As I write this column, I have just looked up the statistics; I can see we are up to 36 deaths this year alone, 36 truck drivers who have died at work since the start of 2022.
The statistics kept by the Transport Workers Union show that 58 truck drivers have died at work since Senator Sterle shared his inquiry’s recommendations with the previous government.
The number increases the further back you go across the years.
Safe Work Australia remind us that this industry is one of the deadliest in Australia; they are backing up the statistics.
The family and friends of every truck driver who dies at work are the ones still wondering why and how the industry has been left in this state for so long. Governments owe the many families who are in mourning an explanation as to why our industry is still over-achieving when it comes to deaths at work.
October is National Safe Work Month and we are reminded of the need for the solution that takes the pressure off the truck drivers who are forced to drive too long or too fast to make a deadline.
When profits are squeezed, operators are pressured through their cost burdens like Transurban toll road costs and fuel costs to delay maintenance, skip rest breaks and drive fatigued. Drivers lose their lives. That is work health and safety under attack.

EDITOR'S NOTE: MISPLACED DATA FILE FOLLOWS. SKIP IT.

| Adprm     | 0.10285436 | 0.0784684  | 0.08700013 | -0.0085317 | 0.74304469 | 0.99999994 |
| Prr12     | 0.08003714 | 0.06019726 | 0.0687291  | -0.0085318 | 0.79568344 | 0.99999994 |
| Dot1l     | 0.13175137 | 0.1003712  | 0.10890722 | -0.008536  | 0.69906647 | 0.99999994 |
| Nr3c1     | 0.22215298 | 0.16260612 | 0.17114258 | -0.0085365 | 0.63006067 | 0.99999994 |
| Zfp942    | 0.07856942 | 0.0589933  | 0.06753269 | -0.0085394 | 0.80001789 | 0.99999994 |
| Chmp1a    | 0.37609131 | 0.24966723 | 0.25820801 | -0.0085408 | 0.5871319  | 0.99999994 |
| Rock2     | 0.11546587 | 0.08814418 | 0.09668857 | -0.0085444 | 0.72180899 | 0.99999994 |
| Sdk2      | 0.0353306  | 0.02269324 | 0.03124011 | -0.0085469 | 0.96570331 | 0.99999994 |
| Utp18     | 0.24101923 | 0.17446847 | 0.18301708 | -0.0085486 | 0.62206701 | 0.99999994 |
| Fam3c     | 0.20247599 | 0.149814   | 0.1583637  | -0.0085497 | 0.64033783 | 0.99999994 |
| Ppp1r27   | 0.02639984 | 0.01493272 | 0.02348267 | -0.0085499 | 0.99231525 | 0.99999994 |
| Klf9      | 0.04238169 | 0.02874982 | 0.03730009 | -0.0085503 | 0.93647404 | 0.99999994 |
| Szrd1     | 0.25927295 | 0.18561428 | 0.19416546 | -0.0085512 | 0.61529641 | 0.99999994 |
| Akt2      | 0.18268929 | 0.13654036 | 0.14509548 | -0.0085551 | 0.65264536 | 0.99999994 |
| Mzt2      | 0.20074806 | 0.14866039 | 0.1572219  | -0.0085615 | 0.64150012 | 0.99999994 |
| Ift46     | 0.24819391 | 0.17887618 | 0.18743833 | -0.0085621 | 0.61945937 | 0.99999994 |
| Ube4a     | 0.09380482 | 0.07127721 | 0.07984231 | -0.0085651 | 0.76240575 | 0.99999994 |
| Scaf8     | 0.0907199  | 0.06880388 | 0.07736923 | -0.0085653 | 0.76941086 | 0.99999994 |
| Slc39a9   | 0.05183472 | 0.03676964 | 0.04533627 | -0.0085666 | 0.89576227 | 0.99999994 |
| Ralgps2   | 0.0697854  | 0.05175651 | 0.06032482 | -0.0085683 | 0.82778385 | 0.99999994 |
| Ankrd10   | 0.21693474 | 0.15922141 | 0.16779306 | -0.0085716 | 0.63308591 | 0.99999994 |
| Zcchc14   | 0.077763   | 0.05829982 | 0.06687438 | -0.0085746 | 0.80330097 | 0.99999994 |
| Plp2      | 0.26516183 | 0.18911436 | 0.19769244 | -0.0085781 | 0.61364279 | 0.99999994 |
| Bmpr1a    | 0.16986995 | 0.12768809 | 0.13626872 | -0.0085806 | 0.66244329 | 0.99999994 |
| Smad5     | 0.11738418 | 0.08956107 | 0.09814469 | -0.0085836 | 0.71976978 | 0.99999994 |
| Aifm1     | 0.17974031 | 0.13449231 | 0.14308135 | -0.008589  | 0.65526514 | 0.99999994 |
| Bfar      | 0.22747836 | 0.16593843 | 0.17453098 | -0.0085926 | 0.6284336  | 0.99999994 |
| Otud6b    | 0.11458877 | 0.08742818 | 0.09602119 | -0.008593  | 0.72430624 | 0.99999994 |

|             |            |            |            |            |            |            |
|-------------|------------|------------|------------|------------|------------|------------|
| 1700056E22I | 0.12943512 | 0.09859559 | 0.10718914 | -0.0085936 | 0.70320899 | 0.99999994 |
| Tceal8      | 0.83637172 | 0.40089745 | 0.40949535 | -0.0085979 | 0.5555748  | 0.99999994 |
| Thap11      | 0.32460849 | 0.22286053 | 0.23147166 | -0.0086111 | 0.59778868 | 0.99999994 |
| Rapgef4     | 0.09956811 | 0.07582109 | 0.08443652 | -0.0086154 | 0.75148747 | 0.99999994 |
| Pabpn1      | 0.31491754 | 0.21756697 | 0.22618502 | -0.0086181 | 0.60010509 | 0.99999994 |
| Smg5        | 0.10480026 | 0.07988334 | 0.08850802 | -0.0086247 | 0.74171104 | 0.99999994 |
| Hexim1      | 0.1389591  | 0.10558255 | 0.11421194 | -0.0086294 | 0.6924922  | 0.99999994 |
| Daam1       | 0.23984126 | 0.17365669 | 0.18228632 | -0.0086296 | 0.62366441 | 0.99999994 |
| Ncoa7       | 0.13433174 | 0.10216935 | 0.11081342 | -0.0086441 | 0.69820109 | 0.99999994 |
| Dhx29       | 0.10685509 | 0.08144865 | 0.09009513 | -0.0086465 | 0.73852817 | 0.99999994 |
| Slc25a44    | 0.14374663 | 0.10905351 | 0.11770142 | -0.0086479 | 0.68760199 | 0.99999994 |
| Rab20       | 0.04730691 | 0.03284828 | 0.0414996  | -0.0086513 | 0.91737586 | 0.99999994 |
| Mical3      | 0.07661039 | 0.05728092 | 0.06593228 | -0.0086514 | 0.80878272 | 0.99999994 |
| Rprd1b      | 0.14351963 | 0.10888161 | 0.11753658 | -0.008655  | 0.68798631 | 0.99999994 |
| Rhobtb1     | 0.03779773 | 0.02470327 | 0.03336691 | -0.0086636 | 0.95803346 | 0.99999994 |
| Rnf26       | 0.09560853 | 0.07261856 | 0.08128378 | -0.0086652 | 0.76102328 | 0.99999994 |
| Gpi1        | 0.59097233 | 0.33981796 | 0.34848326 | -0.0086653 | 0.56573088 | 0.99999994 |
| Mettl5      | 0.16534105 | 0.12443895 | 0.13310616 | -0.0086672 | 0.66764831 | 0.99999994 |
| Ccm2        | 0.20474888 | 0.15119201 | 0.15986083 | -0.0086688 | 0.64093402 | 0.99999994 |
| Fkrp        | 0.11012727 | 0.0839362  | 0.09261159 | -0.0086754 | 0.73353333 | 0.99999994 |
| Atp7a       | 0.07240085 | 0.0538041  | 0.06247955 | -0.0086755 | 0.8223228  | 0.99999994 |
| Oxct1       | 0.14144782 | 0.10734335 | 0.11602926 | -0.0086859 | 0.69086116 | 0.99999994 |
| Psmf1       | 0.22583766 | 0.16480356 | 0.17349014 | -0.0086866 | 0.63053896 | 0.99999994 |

We must get behind the federal government plan to give the Fair Work Commission the ability to set standards to support cost recovery, supply chain accountability and a fair, safe and sustainable industry.
Level standards for transport workers mean a fairer and safer industry, level standards take the pressure off those behind the wheel. This enforcement of industry standards has been called for by workers, clients, employers, industry groups and gig companies.
Over 130 years ago, owner-drivers, those who were carters and draymen founded the union based on the principal of better standards for the work they do.
We are still taking that fight on, not just through our branch offices and Officials, but through our thousands of transport workers, owner-drivers and employees who are standing together to win a better deal for themselves and their families.
Those members coming together, united, ensure we can hold wealthy supermarkets, oil companies, manufacturers and retailers at the top of supply chains to account for truckies’ astronomical operating costs and operating standards.
Truck driving is the work that keeps our country moving, but the stark reality of exploitation, undercutting and a lack of standards means that the pressure never lets up.
Decades of independent research has shown that unsafe rates are a significant cause of fatal truck crashes which kill too many workers every year.
It’s pleasing that the industry is taking part for a future that means a transport worker has a stronger chance of getting home safely, properly paid, paid on time, with the costs recovery enabled for every hour, every kilometre, every part of doing the job.
That is what we are fighting for. Are you on board?
Richard Olsen is the NSW/Qld TWU state secretary.